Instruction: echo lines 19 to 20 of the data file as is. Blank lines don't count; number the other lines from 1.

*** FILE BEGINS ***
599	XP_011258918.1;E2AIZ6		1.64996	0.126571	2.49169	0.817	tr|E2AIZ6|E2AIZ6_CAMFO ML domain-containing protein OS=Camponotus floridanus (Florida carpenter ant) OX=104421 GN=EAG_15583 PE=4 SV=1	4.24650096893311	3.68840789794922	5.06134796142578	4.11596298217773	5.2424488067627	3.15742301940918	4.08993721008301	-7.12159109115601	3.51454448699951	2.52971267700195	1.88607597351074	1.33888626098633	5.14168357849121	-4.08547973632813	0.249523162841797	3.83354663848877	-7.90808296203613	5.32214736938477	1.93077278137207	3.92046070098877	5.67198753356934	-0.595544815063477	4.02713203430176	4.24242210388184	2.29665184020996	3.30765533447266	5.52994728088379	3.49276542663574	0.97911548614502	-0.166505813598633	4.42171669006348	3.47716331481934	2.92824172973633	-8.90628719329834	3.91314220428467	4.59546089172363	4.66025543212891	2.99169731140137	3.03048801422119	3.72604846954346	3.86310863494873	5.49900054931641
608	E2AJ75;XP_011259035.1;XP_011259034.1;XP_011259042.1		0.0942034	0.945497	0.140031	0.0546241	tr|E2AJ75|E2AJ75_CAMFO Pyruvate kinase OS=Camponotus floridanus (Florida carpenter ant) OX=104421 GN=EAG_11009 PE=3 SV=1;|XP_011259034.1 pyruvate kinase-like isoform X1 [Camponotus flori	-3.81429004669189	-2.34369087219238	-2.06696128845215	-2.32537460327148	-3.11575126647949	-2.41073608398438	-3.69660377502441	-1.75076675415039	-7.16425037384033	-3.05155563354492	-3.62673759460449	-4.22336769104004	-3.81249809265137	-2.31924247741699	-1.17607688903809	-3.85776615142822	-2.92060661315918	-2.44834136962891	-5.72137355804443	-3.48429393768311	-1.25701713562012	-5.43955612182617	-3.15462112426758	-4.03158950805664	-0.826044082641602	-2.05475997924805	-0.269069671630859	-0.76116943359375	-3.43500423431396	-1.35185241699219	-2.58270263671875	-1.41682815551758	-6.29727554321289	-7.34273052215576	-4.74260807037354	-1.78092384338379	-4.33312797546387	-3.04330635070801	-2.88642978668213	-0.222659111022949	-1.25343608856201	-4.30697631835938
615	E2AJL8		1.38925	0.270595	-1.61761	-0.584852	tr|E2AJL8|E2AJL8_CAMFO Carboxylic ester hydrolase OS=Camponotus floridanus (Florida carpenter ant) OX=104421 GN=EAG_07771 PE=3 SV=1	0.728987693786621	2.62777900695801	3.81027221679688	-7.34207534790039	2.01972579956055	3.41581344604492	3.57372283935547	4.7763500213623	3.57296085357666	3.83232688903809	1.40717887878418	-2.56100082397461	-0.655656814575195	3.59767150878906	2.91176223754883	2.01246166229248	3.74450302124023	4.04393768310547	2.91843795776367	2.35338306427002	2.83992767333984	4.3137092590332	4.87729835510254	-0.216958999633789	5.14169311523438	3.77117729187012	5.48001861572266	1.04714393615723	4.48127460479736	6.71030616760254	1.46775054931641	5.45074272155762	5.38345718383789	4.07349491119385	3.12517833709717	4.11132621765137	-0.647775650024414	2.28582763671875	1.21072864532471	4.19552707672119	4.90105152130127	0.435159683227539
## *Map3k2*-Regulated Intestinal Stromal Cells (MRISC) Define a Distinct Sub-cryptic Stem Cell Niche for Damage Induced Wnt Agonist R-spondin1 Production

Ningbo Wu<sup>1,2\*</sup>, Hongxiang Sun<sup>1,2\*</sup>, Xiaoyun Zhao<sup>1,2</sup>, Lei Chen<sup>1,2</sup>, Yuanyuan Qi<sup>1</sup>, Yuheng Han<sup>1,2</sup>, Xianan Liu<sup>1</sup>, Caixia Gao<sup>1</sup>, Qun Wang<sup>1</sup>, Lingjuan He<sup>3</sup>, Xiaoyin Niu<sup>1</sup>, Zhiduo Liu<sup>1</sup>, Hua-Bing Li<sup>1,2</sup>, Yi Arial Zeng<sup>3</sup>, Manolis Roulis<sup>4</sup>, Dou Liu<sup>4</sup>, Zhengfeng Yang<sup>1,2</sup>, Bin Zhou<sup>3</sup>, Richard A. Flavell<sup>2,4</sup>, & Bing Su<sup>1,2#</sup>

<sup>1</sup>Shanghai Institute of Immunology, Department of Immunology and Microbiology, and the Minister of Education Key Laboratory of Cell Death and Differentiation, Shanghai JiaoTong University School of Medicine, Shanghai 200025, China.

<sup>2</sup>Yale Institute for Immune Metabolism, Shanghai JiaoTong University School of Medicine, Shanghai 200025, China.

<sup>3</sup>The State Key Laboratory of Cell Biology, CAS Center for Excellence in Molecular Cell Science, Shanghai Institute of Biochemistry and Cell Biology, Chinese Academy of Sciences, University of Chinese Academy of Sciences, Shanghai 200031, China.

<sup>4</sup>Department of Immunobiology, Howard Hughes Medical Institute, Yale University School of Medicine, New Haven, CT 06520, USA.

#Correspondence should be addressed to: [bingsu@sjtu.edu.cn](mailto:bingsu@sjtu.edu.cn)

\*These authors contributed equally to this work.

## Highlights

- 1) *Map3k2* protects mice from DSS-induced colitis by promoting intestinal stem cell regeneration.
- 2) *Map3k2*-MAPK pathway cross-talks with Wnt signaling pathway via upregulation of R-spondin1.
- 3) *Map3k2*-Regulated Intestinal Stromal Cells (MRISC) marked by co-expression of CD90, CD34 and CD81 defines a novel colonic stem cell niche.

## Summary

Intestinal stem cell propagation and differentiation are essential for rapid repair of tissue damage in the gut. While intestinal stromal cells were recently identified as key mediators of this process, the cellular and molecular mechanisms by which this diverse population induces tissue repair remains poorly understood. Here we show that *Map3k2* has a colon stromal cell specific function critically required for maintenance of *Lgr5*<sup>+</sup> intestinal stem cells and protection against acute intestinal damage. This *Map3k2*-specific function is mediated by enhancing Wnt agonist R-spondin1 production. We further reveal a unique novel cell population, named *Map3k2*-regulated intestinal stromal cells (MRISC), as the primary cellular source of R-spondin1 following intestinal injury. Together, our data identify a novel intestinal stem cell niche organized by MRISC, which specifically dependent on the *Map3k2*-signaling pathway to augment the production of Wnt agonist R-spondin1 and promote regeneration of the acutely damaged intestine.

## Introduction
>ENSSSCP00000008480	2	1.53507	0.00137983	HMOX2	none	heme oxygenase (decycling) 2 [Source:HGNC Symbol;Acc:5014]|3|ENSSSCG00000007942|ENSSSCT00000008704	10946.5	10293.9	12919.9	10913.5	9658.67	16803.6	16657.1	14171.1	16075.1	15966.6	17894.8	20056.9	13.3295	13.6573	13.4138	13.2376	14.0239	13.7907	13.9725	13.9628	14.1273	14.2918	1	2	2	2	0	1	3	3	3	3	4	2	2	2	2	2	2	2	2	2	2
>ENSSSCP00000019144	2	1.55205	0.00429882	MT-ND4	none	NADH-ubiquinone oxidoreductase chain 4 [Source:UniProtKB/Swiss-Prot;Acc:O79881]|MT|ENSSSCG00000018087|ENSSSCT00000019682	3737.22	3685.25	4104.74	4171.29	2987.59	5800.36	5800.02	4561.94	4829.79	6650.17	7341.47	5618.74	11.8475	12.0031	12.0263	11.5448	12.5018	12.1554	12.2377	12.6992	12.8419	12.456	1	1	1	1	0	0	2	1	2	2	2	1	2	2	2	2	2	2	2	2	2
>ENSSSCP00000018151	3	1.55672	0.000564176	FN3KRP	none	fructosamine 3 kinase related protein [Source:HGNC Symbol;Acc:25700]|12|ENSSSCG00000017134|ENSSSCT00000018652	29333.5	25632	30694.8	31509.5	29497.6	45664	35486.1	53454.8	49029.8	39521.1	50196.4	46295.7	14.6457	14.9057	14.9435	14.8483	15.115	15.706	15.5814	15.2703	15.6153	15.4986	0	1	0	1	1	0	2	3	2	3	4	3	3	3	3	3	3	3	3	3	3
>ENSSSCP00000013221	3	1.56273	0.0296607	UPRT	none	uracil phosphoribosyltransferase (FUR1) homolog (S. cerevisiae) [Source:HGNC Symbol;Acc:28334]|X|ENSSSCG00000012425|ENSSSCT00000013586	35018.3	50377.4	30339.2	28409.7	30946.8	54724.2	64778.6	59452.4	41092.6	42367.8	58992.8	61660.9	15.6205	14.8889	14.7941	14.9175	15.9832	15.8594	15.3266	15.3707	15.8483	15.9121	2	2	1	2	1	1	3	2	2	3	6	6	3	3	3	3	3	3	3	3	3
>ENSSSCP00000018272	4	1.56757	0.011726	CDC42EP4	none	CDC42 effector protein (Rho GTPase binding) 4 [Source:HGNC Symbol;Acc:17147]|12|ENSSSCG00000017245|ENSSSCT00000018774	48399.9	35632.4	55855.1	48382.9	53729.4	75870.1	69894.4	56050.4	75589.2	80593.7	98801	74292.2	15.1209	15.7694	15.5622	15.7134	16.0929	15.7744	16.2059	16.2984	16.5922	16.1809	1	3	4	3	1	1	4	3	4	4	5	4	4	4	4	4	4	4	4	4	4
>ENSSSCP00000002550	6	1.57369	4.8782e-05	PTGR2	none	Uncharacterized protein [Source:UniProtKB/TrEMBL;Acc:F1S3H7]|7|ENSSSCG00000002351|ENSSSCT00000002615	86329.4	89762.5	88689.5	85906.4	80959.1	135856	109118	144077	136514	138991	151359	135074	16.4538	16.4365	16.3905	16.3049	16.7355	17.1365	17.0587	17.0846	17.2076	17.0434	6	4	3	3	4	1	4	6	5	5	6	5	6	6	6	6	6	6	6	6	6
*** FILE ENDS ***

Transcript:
>ENSSSCP00000008480	2	1.53507	0.00137983	HMOX2	none	heme oxygenase (decycling) 2 [Source:HGNC Symbol;Acc:5014]|3|ENSSSCG00000007942|ENSSSCT00000008704	10946.5	10293.9	12919.9	10913.5	9658.67	16803.6	16657.1	14171.1	16075.1	15966.6	17894.8	20056.9	13.3295	13.6573	13.4138	13.2376	14.0239	13.7907	13.9725	13.9628	14.1273	14.2918	1	2	2	2	0	1	3	3	3	3	4	2	2	2	2	2	2	2	2	2	2
>ENSSSCP00000019144	2	1.55205	0.00429882	MT-ND4	none	NADH-ubiquinone oxidoreductase chain 4 [Source:UniProtKB/Swiss-Prot;Acc:O79881]|MT|ENSSSCG00000018087|ENSSSCT00000019682	3737.22	3685.25	4104.74	4171.29	2987.59	5800.36	5800.02	4561.94	4829.79	6650.17	7341.47	5618.74	11.8475	12.0031	12.0263	11.5448	12.5018	12.1554	12.2377	12.6992	12.8419	12.456	1	1	1	1	0	0	2	1	2	2	2	1	2	2	2	2	2	2	2	2	2